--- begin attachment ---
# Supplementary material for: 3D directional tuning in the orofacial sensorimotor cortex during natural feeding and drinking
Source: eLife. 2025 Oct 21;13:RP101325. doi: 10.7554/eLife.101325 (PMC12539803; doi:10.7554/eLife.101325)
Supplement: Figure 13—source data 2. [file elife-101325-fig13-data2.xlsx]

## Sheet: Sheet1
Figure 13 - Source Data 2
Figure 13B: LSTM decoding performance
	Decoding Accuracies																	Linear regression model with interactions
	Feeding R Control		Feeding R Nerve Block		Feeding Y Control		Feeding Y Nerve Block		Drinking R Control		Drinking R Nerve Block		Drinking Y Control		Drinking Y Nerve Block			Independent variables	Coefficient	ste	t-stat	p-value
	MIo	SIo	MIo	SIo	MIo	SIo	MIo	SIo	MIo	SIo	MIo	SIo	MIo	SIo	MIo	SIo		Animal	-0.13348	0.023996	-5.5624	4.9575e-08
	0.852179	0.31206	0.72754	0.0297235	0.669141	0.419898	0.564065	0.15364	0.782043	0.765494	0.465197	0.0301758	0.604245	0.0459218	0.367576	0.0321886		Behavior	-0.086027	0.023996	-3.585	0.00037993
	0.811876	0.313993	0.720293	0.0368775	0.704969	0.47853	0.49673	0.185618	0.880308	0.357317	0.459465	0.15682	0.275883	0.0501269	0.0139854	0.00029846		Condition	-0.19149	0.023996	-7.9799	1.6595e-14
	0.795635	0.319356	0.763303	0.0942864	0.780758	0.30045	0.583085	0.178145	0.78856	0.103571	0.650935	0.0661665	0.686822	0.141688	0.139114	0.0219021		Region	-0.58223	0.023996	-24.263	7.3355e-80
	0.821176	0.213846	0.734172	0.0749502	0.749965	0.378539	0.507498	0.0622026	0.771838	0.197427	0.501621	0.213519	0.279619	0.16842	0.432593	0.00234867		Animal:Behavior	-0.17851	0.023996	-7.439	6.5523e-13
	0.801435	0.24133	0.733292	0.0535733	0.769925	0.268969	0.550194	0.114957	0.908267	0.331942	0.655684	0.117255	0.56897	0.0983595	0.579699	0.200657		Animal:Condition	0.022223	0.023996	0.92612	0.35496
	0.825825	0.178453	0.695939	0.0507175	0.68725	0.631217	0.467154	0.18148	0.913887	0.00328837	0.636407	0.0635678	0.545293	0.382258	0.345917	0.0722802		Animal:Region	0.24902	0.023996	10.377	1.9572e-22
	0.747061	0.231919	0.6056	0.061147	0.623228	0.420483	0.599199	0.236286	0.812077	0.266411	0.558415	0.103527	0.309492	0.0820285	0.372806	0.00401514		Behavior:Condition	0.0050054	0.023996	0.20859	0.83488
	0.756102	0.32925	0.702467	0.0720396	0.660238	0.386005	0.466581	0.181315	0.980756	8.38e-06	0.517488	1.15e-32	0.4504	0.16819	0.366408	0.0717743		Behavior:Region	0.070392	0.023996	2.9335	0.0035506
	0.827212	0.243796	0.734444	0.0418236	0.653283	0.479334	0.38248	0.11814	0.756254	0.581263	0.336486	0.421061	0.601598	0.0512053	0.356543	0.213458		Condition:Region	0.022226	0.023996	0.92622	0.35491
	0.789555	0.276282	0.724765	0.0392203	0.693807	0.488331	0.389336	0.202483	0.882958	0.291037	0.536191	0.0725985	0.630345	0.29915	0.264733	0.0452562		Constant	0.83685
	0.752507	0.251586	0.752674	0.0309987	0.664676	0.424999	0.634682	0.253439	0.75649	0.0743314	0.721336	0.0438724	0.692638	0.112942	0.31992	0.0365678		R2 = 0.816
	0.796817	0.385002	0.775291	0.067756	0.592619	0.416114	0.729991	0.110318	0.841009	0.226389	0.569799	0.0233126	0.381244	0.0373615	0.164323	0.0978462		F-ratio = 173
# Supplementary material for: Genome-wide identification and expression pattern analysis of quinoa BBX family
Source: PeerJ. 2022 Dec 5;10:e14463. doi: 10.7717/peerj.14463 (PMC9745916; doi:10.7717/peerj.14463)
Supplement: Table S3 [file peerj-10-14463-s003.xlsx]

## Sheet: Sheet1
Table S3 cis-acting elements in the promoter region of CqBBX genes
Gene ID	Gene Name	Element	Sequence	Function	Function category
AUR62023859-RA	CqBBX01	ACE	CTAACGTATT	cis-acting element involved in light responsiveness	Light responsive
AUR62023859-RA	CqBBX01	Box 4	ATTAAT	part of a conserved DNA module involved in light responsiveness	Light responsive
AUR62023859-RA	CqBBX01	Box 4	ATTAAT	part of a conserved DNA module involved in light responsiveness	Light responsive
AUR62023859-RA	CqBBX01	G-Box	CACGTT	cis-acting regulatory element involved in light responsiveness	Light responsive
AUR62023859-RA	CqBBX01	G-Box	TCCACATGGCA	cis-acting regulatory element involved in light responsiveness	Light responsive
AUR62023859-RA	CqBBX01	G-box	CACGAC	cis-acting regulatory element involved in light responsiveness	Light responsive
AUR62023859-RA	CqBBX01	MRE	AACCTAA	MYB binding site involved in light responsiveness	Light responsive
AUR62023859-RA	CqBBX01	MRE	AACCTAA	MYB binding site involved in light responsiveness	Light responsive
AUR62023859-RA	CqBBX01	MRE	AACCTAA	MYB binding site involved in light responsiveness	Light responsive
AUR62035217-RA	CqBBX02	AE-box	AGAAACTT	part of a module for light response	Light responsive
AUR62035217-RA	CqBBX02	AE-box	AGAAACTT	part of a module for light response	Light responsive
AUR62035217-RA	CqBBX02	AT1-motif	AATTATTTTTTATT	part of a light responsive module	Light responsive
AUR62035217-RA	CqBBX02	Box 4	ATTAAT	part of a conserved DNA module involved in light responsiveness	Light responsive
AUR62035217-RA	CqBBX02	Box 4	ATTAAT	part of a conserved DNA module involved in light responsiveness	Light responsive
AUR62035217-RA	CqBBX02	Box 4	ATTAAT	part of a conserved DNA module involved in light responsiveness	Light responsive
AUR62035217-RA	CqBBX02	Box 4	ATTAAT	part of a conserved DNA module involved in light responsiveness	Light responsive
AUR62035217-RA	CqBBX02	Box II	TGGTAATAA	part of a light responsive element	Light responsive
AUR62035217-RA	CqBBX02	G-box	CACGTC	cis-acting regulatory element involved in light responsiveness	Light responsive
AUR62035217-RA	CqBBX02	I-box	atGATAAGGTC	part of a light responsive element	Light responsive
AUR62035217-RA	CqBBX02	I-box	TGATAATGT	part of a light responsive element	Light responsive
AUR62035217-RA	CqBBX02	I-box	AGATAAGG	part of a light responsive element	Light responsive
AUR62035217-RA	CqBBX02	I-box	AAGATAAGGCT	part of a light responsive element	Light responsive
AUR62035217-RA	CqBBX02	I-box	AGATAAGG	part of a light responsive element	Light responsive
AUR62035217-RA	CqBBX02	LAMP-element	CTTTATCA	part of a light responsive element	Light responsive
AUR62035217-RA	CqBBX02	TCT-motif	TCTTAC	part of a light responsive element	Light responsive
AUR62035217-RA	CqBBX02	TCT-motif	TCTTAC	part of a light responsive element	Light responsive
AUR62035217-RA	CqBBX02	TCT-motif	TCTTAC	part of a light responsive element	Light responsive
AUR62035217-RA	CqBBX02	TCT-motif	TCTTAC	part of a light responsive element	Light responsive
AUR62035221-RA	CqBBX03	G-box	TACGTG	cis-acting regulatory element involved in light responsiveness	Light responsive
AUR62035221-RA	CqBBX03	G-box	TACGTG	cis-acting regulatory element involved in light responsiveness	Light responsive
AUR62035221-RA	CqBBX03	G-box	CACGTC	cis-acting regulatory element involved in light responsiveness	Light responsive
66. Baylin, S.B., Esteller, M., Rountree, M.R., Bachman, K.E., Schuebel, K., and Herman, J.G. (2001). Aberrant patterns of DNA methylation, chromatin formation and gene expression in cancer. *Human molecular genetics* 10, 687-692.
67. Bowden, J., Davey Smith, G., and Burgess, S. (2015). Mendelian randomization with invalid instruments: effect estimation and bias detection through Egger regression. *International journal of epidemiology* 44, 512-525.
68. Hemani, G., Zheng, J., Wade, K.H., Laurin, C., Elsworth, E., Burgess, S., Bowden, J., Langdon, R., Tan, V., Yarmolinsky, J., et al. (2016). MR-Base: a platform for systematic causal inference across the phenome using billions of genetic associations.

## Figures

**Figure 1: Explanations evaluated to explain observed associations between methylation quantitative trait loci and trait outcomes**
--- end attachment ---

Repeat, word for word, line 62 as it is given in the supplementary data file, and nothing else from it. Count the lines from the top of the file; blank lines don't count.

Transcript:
## Figures